US school bus
The CIA confirmed one of its K-9 units left explosive material under the hood of a school bus after training exercises. Reuters

The CIA left "explosive training material" in the engine compartment of a Virginia school bus after a training exercise last week, CIA and Loudoun County officials said. That bus was then used to transport elementary and high school students to and from school on 28 and 29 March with the material still under the hood of the bus.

The CIA and Loudoun County Sherrif's Office released a statement on 31 March revealing that the explosive material was left behind following a training exercise at Briar Woods High School for explosives-detecting dogs from 21 to 24 March.

"During the exercise, explosive training material was inadvertently left by the CIA K-9 unit in one of the buses used in the exercise," the CIA said in a statement, according to Fox News. CIA officials said that the material "did not pose a danger to passengers on the bus".

According to The Washington Post, Loudoun schools spokesman Wayde Byard told reporters the CIA revealed the nature of the material but requested the school system to not disclose it. Byard then described the material as "putty-type" material requiring a special detonator and used on the battlefield.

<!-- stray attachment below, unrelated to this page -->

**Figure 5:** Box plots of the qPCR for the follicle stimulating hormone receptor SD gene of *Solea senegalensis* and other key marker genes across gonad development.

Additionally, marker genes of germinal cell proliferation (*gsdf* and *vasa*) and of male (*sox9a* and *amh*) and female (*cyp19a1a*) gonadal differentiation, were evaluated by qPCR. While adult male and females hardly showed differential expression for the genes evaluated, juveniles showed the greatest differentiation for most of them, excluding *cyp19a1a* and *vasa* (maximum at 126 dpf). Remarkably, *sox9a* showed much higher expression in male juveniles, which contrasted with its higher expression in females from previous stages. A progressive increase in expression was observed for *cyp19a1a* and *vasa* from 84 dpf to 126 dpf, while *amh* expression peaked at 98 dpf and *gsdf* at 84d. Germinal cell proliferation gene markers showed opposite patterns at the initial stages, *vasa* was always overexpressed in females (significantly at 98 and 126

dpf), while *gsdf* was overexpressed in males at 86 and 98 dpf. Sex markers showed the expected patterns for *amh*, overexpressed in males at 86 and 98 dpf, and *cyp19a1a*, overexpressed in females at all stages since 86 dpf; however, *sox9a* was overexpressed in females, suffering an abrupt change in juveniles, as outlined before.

Byard said that as part of the training exercise, CIA trainers placed explosive material into the engine compartment of a school bus and in parts of the school. The spokesman said the canine successfully found the material in the engine compartment, but some of the material fell and became stuck beneath the bus' hoses.

School bus drivers check under the hoods of their buses before they depart, but the material was too far into the engine compartment and was the same colour as the hoses and could not be seen easily, Byard said. The bus made eight runs totaling 145 miles and carrying 26 students from Rock Ridge High School, Buffalo Trail Elementary School and Pinebrook Elementary School, The Post reported.

A technician discovered the explosive material during a routine inspection on 30 March. The school system then notified the county sheriff's office and the fire marshal, who along with the CIA removed it.

"The training materials used in the exercises are incredibly stable and according to the CIA and Loudoun County explosive experts, the students on the bus were not in any danger from the training material," the Sheriff's Office said in a statement. All other buses as the school were check as a precaution.

School officials met with the CIA, Loudoun County Sheriff's Office, the fire marshal and county administrators on 31 March, the Post reported. It was decided that training exercises at schools be suspended until officials established stronger protocols.

"We're all very upset by what happened, but we're going to review everything that did happen," Byard said. "Obviously we're concerned. The CIA really expressed its deep concern and regret today, and it was sincere." In a statement, the CIA said all training explosives had been accounted for during a full inventory on 31 March.